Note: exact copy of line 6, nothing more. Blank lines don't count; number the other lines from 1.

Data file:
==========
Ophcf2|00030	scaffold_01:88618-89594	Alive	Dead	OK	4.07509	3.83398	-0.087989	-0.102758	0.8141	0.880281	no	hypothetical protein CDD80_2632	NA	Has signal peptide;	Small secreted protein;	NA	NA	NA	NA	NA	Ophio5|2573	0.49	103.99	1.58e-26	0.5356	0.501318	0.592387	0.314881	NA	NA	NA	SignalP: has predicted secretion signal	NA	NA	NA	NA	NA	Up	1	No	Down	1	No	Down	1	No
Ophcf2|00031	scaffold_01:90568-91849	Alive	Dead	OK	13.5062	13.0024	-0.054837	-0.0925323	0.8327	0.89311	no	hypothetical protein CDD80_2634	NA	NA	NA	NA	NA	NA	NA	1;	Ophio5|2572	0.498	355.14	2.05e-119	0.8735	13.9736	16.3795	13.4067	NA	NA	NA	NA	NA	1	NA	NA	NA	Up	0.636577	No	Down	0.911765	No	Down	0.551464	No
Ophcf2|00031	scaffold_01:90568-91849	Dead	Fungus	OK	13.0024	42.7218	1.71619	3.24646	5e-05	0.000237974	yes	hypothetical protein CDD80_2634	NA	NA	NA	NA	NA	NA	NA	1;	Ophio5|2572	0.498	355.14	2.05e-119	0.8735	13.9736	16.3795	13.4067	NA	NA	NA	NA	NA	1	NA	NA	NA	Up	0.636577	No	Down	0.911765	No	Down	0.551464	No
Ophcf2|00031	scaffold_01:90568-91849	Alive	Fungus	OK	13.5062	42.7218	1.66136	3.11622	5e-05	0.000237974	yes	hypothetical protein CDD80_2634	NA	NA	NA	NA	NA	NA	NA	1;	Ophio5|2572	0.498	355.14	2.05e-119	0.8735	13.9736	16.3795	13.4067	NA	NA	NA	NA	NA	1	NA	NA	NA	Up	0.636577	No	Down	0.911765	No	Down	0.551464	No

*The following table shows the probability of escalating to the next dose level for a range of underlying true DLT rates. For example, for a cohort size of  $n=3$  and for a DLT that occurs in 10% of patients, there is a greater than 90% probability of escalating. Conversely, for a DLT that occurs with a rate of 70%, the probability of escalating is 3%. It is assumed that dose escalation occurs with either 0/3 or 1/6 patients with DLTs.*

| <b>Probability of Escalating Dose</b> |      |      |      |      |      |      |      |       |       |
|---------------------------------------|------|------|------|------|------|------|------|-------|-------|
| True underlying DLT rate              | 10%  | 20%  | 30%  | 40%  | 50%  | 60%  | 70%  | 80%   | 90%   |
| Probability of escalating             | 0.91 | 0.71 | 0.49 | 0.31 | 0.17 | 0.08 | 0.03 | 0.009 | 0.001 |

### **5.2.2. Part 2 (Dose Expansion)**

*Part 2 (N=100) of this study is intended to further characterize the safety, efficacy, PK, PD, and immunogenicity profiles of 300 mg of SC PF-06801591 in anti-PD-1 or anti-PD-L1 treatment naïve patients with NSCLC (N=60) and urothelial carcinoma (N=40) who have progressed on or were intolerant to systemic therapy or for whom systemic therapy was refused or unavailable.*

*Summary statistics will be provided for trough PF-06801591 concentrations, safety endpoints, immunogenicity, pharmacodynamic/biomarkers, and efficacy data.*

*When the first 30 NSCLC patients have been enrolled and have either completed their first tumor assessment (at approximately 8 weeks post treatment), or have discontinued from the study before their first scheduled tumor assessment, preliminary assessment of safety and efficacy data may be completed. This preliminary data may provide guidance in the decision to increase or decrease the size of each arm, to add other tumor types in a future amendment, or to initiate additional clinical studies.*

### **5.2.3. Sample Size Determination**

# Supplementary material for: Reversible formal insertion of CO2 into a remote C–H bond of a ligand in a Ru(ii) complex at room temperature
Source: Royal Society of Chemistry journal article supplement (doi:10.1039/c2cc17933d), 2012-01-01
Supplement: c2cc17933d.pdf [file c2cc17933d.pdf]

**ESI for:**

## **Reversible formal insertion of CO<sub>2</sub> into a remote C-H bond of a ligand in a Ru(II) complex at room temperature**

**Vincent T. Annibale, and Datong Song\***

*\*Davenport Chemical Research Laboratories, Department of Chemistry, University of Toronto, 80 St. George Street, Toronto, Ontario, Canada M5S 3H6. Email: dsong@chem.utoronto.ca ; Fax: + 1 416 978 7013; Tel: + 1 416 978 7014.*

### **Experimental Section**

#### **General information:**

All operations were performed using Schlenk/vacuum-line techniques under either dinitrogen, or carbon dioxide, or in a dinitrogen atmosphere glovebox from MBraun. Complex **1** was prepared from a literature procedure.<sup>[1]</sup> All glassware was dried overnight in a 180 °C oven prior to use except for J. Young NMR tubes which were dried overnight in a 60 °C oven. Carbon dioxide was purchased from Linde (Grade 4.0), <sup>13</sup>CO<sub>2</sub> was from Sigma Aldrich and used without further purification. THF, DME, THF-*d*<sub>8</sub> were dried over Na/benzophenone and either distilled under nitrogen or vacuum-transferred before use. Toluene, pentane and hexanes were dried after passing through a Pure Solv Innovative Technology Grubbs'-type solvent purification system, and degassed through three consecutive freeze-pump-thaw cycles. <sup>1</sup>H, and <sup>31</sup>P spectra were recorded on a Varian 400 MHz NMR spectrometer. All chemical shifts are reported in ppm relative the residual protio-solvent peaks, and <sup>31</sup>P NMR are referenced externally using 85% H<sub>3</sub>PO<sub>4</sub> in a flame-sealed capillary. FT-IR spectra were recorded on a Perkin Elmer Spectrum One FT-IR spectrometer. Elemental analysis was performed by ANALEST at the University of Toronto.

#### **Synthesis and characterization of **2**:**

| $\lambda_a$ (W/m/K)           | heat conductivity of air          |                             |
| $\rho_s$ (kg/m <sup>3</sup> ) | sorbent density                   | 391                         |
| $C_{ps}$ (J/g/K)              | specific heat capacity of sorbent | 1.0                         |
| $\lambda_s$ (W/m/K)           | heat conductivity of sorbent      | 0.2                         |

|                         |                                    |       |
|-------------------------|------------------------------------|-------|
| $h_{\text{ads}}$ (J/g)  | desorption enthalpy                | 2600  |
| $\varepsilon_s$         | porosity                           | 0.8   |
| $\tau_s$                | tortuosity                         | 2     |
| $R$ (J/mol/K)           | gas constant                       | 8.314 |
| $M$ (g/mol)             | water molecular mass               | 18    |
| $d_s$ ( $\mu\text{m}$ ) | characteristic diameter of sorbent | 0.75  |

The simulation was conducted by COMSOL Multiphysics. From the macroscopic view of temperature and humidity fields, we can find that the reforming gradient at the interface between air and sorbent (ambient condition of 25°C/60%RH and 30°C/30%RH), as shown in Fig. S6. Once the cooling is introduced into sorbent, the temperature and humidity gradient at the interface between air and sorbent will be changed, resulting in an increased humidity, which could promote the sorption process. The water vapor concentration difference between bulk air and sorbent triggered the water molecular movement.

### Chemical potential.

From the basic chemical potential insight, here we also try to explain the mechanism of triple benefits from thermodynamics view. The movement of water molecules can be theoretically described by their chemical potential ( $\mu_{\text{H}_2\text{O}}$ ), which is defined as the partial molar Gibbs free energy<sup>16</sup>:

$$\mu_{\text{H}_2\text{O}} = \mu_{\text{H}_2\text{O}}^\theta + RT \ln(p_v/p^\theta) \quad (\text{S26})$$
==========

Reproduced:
| <b>Probability of Escalating Dose</b> |      |      |      |      |      |      |      |       |       |